To continue using this website, please tell us a
little about yourself:

This site uses cookies. Some of the cookies are essential for parts of the site to operate and have already been set. You may delete and block all cookies from this site, but if you do, parts of the site may not work. To find out more about cookies on the website and how to delete cookies, see our Privacy and Cookie Policy.

I accept the FE Trustnet cookie policy

For more information Click here

Login

Register

It's look like you're leaving us

What would you like us to do with the funds you've selected

Show me all my options Forget them Save them
Customise this table

Are ‘risk on’ investors biting off more than they can chew?

The latest report from Natixis shows investors have been rotating into higher-risk strategies, but warns they may not be taking currency risk into account.

Lauren Mason

By Lauren Mason, Senior reporter, FE Tru...
Thursday February 16, 2017

UK investors significantly increased their risk appetite during the final quarter of 2016, according to the latest research from Natixis, but the firm warns that a greater emphasis should be placed on currency risk.

The quarterly Portfolio Barometer report, which is based on 108 model portfolios from 23 UK financial advisory firms, analysed 30 ‘Conservative’, 39 ‘Moderate’ and 39 ‘Aggressive’ offerings and focused on how their positioning changed between Q3 and Q4 last year.

Among the ‘Moderate’ and ‘Aggressive’ portfolios, there was a notable shift out of global and UK large-cap equities into risk assets that are further down the cap spectrum. However, while the ‘Cautious’ portfolios significantly reduced their fixed income weightings, this generally went into upping their cash weightings.

James Beaumont, international head of portfolio research and consulting at Natixis, said: “‘Risk on’ seems to have been the mantra of the final quarter of last year. In fact, the net effect over the quarter was positive for risk, specifically developed market equities, and negative for bonds.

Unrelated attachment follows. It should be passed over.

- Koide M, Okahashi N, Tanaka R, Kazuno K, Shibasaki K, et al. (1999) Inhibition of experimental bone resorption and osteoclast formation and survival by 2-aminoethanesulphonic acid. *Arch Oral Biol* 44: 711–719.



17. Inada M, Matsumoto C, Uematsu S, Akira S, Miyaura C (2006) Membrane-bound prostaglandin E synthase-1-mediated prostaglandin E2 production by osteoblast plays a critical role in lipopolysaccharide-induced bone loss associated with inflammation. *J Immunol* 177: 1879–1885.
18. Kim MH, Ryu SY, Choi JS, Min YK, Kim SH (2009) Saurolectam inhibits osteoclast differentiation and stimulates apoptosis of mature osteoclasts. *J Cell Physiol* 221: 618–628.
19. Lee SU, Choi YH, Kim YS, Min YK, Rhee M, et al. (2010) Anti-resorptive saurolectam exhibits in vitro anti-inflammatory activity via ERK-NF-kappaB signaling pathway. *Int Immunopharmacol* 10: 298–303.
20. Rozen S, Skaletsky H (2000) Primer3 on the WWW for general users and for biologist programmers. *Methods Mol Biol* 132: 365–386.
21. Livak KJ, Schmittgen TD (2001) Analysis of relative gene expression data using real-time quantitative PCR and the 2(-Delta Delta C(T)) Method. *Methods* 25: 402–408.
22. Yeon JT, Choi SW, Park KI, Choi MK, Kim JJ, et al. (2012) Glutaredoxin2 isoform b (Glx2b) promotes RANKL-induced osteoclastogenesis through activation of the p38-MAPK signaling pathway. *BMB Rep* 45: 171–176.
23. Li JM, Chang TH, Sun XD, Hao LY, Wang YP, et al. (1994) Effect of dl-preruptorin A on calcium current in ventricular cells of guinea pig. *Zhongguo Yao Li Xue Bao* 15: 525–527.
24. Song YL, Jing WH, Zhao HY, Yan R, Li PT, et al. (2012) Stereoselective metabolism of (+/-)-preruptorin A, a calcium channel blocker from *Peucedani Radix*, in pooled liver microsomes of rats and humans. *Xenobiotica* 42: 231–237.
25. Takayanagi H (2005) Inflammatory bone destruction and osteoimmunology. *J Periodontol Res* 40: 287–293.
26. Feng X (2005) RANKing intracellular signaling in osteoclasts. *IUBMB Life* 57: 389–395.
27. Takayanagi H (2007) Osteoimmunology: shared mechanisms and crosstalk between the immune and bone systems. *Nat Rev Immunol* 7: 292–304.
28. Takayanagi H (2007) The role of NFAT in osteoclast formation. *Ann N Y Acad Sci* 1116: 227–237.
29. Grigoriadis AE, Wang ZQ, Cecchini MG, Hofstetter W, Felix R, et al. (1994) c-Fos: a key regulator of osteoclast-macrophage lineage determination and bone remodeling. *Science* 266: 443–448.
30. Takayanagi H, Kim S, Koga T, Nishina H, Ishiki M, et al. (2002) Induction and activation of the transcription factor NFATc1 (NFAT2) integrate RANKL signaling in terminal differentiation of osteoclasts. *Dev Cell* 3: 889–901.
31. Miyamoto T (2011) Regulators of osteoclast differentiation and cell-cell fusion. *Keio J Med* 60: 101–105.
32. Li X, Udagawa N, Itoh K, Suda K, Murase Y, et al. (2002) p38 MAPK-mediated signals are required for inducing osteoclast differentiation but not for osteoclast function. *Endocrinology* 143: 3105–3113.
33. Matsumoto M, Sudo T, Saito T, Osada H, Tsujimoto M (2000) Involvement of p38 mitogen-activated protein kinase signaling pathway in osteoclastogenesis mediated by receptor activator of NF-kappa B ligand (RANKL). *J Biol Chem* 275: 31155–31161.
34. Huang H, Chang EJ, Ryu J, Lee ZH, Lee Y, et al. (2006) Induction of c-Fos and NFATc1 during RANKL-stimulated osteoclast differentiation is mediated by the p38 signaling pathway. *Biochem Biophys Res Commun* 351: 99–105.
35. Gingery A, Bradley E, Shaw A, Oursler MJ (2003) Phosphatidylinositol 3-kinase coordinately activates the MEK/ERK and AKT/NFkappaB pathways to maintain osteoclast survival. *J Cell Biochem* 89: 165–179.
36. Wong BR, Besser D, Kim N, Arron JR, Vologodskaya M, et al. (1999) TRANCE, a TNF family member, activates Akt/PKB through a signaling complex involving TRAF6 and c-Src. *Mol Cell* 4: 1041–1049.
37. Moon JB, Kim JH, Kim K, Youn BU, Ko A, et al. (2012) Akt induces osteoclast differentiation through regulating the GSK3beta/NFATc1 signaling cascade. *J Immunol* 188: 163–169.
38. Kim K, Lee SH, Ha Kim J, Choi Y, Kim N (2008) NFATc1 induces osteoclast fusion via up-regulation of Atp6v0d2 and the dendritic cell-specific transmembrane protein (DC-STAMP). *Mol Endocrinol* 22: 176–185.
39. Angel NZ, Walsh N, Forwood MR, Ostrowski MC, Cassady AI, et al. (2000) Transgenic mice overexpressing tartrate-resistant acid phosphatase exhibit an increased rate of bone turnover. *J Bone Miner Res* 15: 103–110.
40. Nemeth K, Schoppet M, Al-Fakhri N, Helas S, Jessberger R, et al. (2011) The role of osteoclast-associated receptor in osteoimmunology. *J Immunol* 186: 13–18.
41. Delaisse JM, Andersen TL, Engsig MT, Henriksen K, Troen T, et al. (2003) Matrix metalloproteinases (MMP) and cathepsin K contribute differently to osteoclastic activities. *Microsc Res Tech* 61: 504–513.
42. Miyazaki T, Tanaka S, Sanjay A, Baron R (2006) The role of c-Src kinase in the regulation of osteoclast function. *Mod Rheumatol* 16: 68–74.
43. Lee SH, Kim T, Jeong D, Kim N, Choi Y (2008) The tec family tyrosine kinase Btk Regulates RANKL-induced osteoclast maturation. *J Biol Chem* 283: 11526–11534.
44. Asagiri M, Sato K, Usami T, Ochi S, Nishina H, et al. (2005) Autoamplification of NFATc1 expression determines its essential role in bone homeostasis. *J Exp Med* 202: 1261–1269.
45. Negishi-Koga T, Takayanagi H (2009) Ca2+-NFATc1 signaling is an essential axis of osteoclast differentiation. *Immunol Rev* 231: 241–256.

“An important point for UK investors to keep in mind in the current environment is to factor in the impact that currency risk can have on their portfolios. Looking at the data for last year, we can see how significantly portfolios benefitted from holding non-sterling assets as the pound depreciated following the Brexit vote in June 2016.”

Following the EU referendum in June, sterling plummeted in value, which bolstered large-cap, global-facing exporters while domestic stocks were given the cold shoulder.

However, the election of Donald Trump as US president last November - combined with UK chancellor Philip Hammond’s Autumn Statement – unveiled plans for fiscal expansion and boosted investors sentiment. This led to an aggressive rotation out of quality growth stocks and into value and more cyclical plays.

Performance of indices in 2016

 

Source: FE Analytics

Bond yields, having reached historic lows earlier in the year, also rose sharply as investors feared that inflation could eat into the value of their coupons.

These overarching trends closely correlate with Natixis’s latest report; the data shows that ‘Cautious’ portfolios reduced their fixed income weighting by an average of 11 per cent. ‘Moderate’ and ‘Aggressive’ portfolios also sold down their fixed income weightings by 3 per cent and 1 per cent respectively.


In contrast, all three model portfolios increased their equity weightings to varying degrees and have all increased their cash weightings. While this was by just 1 per cent in the ‘Moderate’ and ‘Aggressive’ portfolios, the ‘Cautious’ portfolios upped their cash weighting by 8 per cent over the course of Q4 last year.

“Breaking down segment changes within the fixed income sector in ‘Conservative’ models, sterling fixed income saw a decrease by more than 7 per cent,” the report states.